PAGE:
Hilary Mantel has burst onto my bookshelves and claimed a spot as my new favorite author. I purchased Wolf Hall last year from amazon.uk. It spent a few months on my nightstand – six hundred and fifty pages is a large time commitment and I usually save the heftier tomes for vacations. But Vacant Possession hooked me. Fortunately Mantel’s Man Booker Prize-winning novel is divided into six parts, which allows it to be broken down into manageable chunks.
Wolf Hall is set in the court of Henry VIII, at that pivotal moment in English history when Henry is attempting to annul his marriage to Katherine of Aragon in order to make Anne Boleyn his queen. The reader is an observer to the politics and machinations involved in the pleasing of a King. That, in and of itself, would be fascinating. But what makes Wolf Hall successful and different, is Mantel’s decision to have her narrative follow Thomas Cromwell. It is in many ways an obvious choice – he was the Cardinal Wolsey’s man, and as such would be privy to intimate details of the negotiations with Rome for the King’s annulment. But he also hedged his bets. He met with Henry on several occasions as Wolsey’s representative and performed services (such as arranging loans) for the powerful nobles closest to the King. Thomas Cromwell was the 16th century equivalent of a fixer. There were very few pies baked in England that he didn’t have a finger in.
From violent and coarse beginnings Cromwell rises to the highest circles of power and influence. That is not new information, nor is it what makes him appealing as a main character. As usual, it is the personal details that draw the reader in. He has a murky past as banker, soldier, cloth merchant and other connections only hinted at. There is his relationship with Cardinal Wolsey – one which is based on mutual trust, loyalty and true friendship. Cromwell’s love for his wife, family (and extended household) is also apparent, and even more compelling because of the practicality with which he tempers his emotion and affection.
Wykys stumped away after he showed him the figures. ‘Lizzie?’ he yelled. ‘Lizzie? Come downstairs.’
She came down.
‘You want a new husband. Will he do?’
She stood and looked him up and down. ‘Well, Father. You didn’t pick him for his looks.’ To him, her eyebrows raised, she said, ‘Do you want a wife?’
‘Should I leave you to talk it over?’ old Wykys said. He seemed baffled: seemed to think they should sit down and write a contract there and then.
Almost, they did. Lizzie wanted children; he wanted a wife with city contacts and some money behind her. They were married in weeks. Gregory arrived within the year. Bawling, strong, one hour old, plucked from the cradle: he kissed the infant’s fluffy skull and said, I shall be as tender to you as my father was not to me. For what’s the point of breeding children, if each generation does not improve on what went before?
This is a stark contrast to the romantic melodrama being played out by Katherine, Henry and Anne. Yet, Cromwell’s feelings appear all the more genuine because of the simplicity of Mantel’s portrayal. The opening passages of the chapter Make or Mar. All Hallow’s 1529 poignantly reveal a man grieving the deaths of his loved ones to sweating sickness. A man whose actions and emotions read as wholly appropriate to a period of history in which there were constant reminders of human mortality.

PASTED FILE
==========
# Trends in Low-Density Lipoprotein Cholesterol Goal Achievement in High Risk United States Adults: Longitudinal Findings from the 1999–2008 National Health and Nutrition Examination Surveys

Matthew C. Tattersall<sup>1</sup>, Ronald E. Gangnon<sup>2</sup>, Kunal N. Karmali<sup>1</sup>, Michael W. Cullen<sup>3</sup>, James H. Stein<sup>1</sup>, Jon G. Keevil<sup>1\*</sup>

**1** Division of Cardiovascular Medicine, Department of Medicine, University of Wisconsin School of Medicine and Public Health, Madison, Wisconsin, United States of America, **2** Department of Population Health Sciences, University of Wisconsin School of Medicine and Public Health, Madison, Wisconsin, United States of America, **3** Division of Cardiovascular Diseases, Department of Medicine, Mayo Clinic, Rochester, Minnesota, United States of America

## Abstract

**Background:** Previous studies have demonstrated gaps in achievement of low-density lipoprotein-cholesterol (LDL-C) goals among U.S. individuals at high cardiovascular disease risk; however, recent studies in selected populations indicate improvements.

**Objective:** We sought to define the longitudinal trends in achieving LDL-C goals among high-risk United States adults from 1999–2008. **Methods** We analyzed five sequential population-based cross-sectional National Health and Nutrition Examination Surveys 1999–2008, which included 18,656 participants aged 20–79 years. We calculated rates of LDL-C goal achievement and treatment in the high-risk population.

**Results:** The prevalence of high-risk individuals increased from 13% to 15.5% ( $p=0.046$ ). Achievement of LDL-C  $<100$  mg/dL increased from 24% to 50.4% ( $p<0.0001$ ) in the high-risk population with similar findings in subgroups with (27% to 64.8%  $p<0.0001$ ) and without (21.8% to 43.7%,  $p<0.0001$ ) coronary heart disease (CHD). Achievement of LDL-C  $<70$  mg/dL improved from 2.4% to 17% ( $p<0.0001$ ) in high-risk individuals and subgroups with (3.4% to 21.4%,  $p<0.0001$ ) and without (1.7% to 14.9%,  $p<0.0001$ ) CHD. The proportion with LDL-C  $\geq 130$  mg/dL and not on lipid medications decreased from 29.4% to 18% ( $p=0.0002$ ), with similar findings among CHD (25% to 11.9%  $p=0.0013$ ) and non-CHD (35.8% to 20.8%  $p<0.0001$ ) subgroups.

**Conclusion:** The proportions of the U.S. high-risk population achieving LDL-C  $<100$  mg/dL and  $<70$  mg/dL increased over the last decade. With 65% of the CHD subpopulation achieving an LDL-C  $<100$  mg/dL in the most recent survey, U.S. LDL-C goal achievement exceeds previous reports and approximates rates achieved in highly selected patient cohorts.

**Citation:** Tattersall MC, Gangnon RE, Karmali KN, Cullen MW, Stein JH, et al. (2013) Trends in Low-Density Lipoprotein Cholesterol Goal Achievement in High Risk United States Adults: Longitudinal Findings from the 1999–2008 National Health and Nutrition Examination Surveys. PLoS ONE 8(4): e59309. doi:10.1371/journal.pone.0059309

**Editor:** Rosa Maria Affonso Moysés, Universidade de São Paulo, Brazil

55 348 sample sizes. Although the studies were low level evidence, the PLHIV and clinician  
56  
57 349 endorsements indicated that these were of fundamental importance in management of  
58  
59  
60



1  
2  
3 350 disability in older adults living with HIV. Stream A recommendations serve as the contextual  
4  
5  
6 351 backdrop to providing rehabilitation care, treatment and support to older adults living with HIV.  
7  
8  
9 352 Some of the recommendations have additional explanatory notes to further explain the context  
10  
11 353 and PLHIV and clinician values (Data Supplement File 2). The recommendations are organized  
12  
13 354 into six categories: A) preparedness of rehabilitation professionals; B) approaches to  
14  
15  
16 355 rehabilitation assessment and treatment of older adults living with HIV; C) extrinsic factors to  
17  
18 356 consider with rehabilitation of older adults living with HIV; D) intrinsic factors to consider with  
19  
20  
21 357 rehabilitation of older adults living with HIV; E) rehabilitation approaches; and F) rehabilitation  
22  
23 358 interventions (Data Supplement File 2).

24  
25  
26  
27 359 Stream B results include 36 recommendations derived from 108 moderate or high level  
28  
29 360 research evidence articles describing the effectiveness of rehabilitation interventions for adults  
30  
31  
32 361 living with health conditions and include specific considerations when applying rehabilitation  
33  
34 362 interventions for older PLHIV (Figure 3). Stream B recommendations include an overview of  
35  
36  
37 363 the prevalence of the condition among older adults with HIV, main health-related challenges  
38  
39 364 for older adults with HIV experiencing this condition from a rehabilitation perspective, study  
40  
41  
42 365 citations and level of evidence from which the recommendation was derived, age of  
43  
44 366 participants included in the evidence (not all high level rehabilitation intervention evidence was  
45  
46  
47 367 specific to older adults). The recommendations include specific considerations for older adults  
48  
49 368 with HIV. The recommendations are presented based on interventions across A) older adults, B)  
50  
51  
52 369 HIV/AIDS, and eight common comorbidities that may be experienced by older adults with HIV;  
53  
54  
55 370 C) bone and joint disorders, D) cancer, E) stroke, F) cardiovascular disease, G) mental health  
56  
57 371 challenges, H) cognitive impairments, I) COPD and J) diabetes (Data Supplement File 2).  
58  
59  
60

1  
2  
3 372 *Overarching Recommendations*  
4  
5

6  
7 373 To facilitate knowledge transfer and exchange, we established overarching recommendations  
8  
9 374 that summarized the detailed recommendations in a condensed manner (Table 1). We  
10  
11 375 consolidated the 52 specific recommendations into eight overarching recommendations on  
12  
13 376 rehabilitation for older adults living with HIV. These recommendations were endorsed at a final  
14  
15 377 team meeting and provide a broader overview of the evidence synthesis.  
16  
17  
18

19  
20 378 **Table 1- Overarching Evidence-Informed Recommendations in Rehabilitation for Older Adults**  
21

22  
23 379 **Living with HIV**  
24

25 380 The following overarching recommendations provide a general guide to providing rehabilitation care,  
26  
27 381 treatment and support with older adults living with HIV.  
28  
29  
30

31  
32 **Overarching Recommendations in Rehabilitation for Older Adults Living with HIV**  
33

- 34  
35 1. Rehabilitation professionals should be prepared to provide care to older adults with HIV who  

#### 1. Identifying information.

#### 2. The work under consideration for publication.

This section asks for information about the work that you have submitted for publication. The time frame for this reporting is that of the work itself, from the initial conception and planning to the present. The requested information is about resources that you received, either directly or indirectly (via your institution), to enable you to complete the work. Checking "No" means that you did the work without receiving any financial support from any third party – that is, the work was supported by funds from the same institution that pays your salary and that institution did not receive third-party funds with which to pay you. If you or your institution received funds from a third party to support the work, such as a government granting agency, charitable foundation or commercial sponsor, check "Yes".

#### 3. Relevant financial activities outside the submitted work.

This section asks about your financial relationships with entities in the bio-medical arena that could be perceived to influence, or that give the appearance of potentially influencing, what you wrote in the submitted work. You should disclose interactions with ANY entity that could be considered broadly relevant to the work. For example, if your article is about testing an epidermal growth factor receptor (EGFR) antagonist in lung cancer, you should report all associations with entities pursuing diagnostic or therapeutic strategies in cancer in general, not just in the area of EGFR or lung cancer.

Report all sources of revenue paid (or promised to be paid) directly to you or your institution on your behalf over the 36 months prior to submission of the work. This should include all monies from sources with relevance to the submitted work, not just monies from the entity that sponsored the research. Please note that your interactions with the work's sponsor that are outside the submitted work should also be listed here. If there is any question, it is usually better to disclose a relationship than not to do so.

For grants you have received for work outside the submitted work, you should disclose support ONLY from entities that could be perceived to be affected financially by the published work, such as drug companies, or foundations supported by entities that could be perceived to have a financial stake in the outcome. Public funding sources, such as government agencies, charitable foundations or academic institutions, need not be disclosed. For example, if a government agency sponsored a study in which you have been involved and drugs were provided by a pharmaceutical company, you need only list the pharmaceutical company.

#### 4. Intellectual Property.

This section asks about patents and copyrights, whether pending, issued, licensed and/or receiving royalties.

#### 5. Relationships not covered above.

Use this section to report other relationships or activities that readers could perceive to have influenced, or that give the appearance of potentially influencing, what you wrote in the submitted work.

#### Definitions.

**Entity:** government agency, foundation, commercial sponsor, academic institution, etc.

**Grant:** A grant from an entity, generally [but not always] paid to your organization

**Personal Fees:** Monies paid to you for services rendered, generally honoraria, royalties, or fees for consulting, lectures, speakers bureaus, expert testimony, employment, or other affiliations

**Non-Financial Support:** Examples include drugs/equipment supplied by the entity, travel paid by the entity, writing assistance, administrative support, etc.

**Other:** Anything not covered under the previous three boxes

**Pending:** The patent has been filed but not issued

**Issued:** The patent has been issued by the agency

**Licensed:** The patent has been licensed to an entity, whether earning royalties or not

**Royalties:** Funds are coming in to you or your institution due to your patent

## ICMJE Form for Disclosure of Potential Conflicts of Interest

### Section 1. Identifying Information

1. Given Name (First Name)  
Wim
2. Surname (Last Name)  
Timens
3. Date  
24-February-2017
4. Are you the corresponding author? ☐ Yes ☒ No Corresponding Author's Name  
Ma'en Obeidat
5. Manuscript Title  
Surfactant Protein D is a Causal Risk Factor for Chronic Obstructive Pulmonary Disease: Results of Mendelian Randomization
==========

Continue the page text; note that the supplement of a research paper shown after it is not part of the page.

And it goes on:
Halloween: the world’s edge seeps and bleeds. This is the time when the tally-keepers of Purgatory, its clerks and gaolers, listen in to the living, who are praying for the dead.
At this time of year, with their parish, he and Liz would keep vigil. They would pray for Henry Wykys, her father; for Liz’s dead husband, Thomas Williams; for Walter Cromwell, and for distant cousins; for half-forgotten names, long-dead half-sisters and lost step-children.
Last night he kept vigil alone. He lay awake, wishing Liz back; waiting for her to come and lie beside him. It’s true he is at Esher with the cardinal, not at home at the Austin Friars. But, he though, she’ll know how to find me. She’ll look for the cardinal, drawn through the space between worlds by incense and candlelight. Wherever the cardinal is, I will be.
At some point he must have slept. When daylight came, the room felt so empty it was empty even of him.
One of the greatest pleasures of Wolf Hall is witnessing how Hilary Mantel has chosen to distill her historical research into a novel. It is never overt. There are no long explanations of wars, the historical climate or societal norms of the day. She assumes a certain level of knowledge. The novel is suffused with historical detail, but never does the author lower herself to pointing these details out. They are just there. As a reader you are expected to keep up or be left behind.
Parts 1 thru 3 of Wolf Hall chronicle Thomas Cromwell’s move to position himself advantageously in Henry VIII’s court and parliament, while still maintaining his loyalty to the out-of-favor Cardinal Wolsey. We watch him scrabble up the class ladder to wealth and power, a journey made all the more compelling because the man who is making it appears to be neither attractive or extraordinary. In many ways, his is the original Horatio Alger story. Hilary Mantel succeeds in giving the reader the precise and unclouded world view of a man who (to paraphrase Tolkien) did not choose his time, or even his circumstances, but chose what to make of the time and circumstances that were given him.
Publisher: Fourth Estate, London (2009)
ISBN: 978 0 00 723018 7